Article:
Mrs. W E Lynch,
Mrs. N A Bates, Mrs. J S Beas
Mrs. W E Lott,
Miss Fannie Brownlee, Miss
Mrs. E J Mims,
. Mrs. Hattie Switzer, Mrs. Epps,
Miss Fue, Miss Jtfyra Watson,
Mrs.WCHyer, Mrs. R L Cun
Mrs. J L Mims,
Miss Jessie Curtis, Mrs. G L
Dickson, Miss Bessie Lee Black,
Mrs. Dave Felder.
Mrs. James T Mims, '
Miss Alice Jones, Miss Tarrant,
Miss Sara Bye, Miss Smith, MBS.
S J Bethea.
Mrs. Sallie Mosely,
Mrs. Pate, Mrs. James Ellis.
Mrs. M J Norris,
Miss I D Martin, Mrs. E S Her
bert, Mrs. Marvin Auld, Mrs.
Mrs. B E. Nicholson,
Mrs. W H Holland and daughter,
Mr. Gist Gee, A C Bowen.
Mrs. W G Ouzts,
Mrs. Myers, Mrs. Boulware, Mrs.
J L Smith, Mrs. R M Vaughn.
Mrs. J P Ouzts, .
Miss Maud Brabham, Miss Kate
Gardner, Miss Eloise Moselfy,
Miss Cora Watson.
Mrs. A E Padgett,
Mrs. N Timmerman.
Mrs. J W Peak,
Mrs. R E Stackhouse, Mrs. Olin
Mrs. W T Prescott,
Miss Nettie Philips, Miss Edith
? ? ?
Distinguished Educators to Ad
dress Meeting in Every Coun
ty in the State.
Under the direction of State Su
perintendent of Education J. E:
Swearingen educational mass meet
ings will be held in each county in
the state during the month of Au
gust. The meeting at Edgefieldis
to be on1 Monday, August 9th, as
will be shown from the following
copied from The State of Monday:
\ 'The schedule of mass meetings
to be conducted this summer by the
educational campaign committee has
been tentatively arranged. The se
lection of the place in each connty
has been left to the county super
intendent. In a large number of
counties, rural communities have
been selected, and this it is hoped
will serve to interest the people at
the rural sections in the purposes
and plans of the oampaign.
-"Many of the most distinguished
educators, jurists, divines, editors
and law-makers of South Carolina
have been invited to join in the dis
cussion, and have ' gladly consented
to assist in bringing better educa*
tional facilities to every county.
The campaign opens simultaneously
in Spartanburg and Darlington. It
is in no sense political, but repre
sents the needs and^interests of the
children. Any locality desiring bet
ter schools might find it advanta
geous to call on the county super
intendent and ask him to commu
nicate with the secretary as to. the
place of holding the meeting in any
"The following is the schedule
beginning on August 2:
.Monday, August 2-Spartanburg,
Tuesday, August 2-Laurens,
Wednesday, August 4-Green
Thursday, August 5-Pickens,
Friday. August. -O-Oconee, Clar
' '^tur?;; LT list -7-Anderson';-]
Horry. " .. : ' '\ ? ' - v
Monday, August 0-Chester,
, Tuesday, August 10-Lancaster,
Wednesdaj', August 11-York,
Thursday, August 12-Cherokee,
Monday, August 23-Abbeville,
Tuesday, August 24-Aiken, Lee.
Wednesday, August 25-Barn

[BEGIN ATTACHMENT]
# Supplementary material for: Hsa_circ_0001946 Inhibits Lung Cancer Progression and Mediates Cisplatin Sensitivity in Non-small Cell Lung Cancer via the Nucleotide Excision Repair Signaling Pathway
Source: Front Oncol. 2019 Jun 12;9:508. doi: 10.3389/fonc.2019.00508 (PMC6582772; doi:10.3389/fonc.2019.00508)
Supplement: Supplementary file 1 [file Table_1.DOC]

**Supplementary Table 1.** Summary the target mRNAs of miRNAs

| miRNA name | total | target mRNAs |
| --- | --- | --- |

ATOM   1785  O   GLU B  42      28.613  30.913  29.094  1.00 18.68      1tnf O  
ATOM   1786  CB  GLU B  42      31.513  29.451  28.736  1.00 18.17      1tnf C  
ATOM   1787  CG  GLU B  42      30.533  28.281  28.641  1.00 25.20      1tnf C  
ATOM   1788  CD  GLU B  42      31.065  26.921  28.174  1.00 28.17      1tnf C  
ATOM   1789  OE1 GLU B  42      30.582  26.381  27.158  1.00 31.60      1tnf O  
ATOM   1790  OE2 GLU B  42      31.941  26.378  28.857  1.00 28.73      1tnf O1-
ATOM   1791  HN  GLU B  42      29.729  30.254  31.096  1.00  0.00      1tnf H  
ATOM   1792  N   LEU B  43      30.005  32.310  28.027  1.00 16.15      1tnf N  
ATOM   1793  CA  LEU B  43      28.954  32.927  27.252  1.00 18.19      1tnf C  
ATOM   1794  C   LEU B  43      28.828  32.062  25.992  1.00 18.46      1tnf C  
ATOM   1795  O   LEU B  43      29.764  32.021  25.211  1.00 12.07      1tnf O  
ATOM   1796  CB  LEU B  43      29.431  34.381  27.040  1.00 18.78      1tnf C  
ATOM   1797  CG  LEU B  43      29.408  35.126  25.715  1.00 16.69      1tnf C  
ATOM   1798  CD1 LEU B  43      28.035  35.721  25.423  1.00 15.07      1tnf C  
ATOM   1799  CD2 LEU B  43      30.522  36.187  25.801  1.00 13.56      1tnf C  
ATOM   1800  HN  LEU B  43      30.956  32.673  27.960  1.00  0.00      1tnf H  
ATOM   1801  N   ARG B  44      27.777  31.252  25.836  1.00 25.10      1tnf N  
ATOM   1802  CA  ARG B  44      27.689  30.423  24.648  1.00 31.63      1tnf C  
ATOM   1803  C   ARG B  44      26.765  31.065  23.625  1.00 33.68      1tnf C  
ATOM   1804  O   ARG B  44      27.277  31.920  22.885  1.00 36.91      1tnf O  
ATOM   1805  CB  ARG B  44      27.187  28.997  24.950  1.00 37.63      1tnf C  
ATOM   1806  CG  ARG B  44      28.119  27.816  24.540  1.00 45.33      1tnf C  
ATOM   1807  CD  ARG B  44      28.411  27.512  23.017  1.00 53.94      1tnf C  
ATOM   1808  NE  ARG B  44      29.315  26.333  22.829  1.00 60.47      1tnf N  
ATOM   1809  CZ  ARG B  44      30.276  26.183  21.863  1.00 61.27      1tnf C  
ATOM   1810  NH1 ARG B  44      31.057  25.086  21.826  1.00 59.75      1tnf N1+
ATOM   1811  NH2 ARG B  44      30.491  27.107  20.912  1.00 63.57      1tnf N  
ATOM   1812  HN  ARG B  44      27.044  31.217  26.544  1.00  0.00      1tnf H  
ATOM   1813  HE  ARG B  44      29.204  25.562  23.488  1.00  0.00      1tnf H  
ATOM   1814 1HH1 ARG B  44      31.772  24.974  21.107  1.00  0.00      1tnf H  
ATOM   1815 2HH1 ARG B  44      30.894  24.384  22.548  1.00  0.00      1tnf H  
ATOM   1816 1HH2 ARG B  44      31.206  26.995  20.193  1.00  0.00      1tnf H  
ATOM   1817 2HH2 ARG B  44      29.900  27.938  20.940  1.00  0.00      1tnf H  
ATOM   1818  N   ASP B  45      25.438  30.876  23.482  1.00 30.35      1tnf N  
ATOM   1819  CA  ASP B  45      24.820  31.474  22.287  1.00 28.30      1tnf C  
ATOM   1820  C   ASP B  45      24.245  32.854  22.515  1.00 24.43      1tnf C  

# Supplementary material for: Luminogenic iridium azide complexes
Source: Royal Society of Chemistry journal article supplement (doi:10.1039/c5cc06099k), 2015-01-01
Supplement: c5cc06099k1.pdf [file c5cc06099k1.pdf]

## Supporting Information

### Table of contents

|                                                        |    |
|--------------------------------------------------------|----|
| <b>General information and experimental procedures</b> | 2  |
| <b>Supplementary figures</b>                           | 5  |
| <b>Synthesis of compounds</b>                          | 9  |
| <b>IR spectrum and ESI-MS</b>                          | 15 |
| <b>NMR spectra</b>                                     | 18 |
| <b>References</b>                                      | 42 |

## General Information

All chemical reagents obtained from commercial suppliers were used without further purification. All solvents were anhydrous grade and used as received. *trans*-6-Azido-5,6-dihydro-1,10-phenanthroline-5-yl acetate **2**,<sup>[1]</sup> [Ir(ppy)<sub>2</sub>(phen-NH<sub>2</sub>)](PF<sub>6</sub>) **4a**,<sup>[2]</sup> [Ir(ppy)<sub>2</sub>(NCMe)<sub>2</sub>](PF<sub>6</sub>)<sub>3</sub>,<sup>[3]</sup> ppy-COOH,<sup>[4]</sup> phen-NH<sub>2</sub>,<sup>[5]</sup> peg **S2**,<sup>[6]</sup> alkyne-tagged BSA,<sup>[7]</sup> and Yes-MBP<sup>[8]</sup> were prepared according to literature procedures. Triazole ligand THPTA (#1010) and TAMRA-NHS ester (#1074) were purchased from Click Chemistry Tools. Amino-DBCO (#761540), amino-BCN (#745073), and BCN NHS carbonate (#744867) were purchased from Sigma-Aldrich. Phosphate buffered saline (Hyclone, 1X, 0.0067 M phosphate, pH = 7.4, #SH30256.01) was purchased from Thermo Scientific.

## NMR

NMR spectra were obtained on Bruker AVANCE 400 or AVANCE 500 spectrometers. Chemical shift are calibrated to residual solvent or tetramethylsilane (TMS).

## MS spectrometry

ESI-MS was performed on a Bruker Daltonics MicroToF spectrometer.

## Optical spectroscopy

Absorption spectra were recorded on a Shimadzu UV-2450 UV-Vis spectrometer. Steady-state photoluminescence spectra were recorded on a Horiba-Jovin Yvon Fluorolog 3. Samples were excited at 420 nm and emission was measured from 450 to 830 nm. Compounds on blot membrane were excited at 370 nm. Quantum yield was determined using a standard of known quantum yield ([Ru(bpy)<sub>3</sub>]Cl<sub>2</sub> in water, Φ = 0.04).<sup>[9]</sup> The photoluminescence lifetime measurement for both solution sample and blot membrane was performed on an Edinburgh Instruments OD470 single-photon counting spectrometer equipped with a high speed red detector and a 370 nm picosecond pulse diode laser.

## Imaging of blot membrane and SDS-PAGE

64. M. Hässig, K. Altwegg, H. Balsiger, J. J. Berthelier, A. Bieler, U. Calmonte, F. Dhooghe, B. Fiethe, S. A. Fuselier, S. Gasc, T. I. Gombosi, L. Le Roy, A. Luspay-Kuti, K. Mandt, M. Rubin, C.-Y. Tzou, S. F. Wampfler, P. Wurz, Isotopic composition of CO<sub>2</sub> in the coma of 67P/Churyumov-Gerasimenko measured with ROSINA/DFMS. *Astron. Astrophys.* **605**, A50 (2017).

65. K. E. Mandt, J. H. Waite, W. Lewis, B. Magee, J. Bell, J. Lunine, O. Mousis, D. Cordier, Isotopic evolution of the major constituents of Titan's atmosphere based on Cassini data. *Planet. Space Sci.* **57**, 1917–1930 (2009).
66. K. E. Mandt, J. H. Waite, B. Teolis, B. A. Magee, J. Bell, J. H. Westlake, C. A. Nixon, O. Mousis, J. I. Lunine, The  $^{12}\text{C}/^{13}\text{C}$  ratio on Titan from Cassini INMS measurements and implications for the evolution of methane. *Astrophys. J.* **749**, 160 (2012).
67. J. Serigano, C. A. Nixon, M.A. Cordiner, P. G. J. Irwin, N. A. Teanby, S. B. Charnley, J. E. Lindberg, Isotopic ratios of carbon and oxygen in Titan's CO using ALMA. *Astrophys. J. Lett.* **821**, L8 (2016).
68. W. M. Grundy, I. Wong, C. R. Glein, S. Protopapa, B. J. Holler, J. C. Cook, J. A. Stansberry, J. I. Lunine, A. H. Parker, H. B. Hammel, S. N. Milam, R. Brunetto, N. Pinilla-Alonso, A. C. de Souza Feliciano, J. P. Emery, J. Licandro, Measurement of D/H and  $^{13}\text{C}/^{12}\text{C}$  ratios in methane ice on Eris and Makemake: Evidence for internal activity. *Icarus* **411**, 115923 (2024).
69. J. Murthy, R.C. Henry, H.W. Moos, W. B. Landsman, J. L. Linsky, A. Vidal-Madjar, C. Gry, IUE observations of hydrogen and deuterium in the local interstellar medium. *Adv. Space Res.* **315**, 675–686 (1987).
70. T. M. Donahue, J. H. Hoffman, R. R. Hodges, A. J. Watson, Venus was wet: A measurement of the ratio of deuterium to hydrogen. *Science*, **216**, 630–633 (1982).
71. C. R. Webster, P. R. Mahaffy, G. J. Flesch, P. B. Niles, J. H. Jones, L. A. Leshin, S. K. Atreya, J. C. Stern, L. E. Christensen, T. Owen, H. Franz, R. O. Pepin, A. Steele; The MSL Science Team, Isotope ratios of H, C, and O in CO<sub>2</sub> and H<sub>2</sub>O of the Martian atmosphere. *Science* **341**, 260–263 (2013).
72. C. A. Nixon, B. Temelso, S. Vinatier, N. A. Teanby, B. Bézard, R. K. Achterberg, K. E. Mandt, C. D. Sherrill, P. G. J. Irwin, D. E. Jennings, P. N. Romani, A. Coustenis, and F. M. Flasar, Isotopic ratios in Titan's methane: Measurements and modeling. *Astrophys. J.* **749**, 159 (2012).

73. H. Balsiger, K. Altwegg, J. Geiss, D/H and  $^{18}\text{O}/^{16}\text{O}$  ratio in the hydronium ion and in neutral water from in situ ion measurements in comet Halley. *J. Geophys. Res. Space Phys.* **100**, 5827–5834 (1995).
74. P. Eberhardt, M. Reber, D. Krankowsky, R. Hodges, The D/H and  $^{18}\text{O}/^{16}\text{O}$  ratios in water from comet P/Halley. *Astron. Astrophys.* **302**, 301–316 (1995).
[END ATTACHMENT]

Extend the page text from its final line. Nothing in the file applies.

Thursday, August 26-Hampton,
Friday, Auguse 27-Beaufort,
Saturday, August 28-Colleton,
Monday, August 30-Lexington,
Tuesday, August 31-Orange
Wednesday, September 1-Bam
Thursday, September, 2-Dor
chester, Charleston, Calhoun.
Mrs. T H Rainsford,
Miss Alice Stackhouse, Miss B
Armstrong, Mrs. A S Manning,
Mrs'. A J .Iones,Mis8 Mattie Cloud,
Miss Deschamps, Miss Dessie
Stewart, Miss Florence Stone.
Mrs. S H Sanders,
Mrs. W. P. Yarbrough, Miss An
Mrs. J C Sheppard,
Mrs; Lemaster, Mrs. Jennings,
Mrs. J W Payne, Mrs. Kittie
Mrs. B Tim mons,
Mrs. Wightman, Miss May
Wightman, Mrs. J W Humbert
Mrs. W H Turner,
Miss Idele Duncan, Miss M
Mrs. JG Tompkins,
Mrs. J N Tenhett, Miss Kate
Mrs. Ella Tompkins,
Mrs. Boineau, Mrs. Otis Brab
Mrs. Wates, '
Mrs. M E Smith.
Mrs. H A Smith,
Miss Mary Hamlin, Miss Bessie
Mrs. Willis Duncan,
Mrs. J D Peeple, Miss C A Hub
Dr. Marsh at Mrs. Ida Sheppard's
Miss May Wannamaker.
At the Parsonage,
Mrs. Porter Gaston, Mrs. W S
Martin, Mrs. Ellis, Mrs. M M
Ferguson, Miss Sarah Monroe,
"Did you have a good time at the
Sunday school picnic, Bobby?"
"I should say so," answered Bob
by, enthusiastically. "They was
three fights."-Buffalo Express.
INCREASE THE HUMUS.
Impoverished Soils Must Have
Fertility Restored by Plant
ing Crops That Increase
-Experience has taught the south
ern farmer that with the advanced
price of implements, fertilizers and
labor he can no longer make ends
meet by cultivating poor land.
Whereas under former conditions
h? could exist by cultivating land
that required three acres to make a
bale of cotton, he must now make
the same yield at less expense from
a smaller area. Farmers generally
realize this and are putting forth
greater effort to increase the fertility
of their soil from year to year. The
most economic aa well as most
effective way to restore the. soil on
impoverished lands is to plant such
crops, especially as a winter cover
ing, that will increase the humus
in the soil. The following from the
Farmers' Uuion Sun is a timely ar
ticle upon this subject:
"SoUs poorly supplied with hnmus
are never productive. Without a
liberal supply of vegetable matter
the crops are small, late in maturing
and poor in quality. Science and
practice have taught us that humus
conserves moisture, furnishes plant
food, accelerates chemical action, un
locks the mineral elements, favors
bacterial life, secures porosity in
compact soils, gives body to sandy
soils, prevents the formation of hard
crusts, and reduces the labor and
expense of tillage. Humus is the
great need of all sections. The hank
account of many farmers is suffer
ing because their lands are deficient
in organic matter. Truckers as well
as fruit growers are giving, this
question more attention than ever
before. Vegetable and small fruit
growers, who are generally too far
distant from- the city to transport
manure by wagon, are beginning to .
realize that yields will soon diming )
ish unless the supply of vegetable
matter ?B increased. Gardeners and '
small fruit growers throughout the -
North are agitating, the doctrine of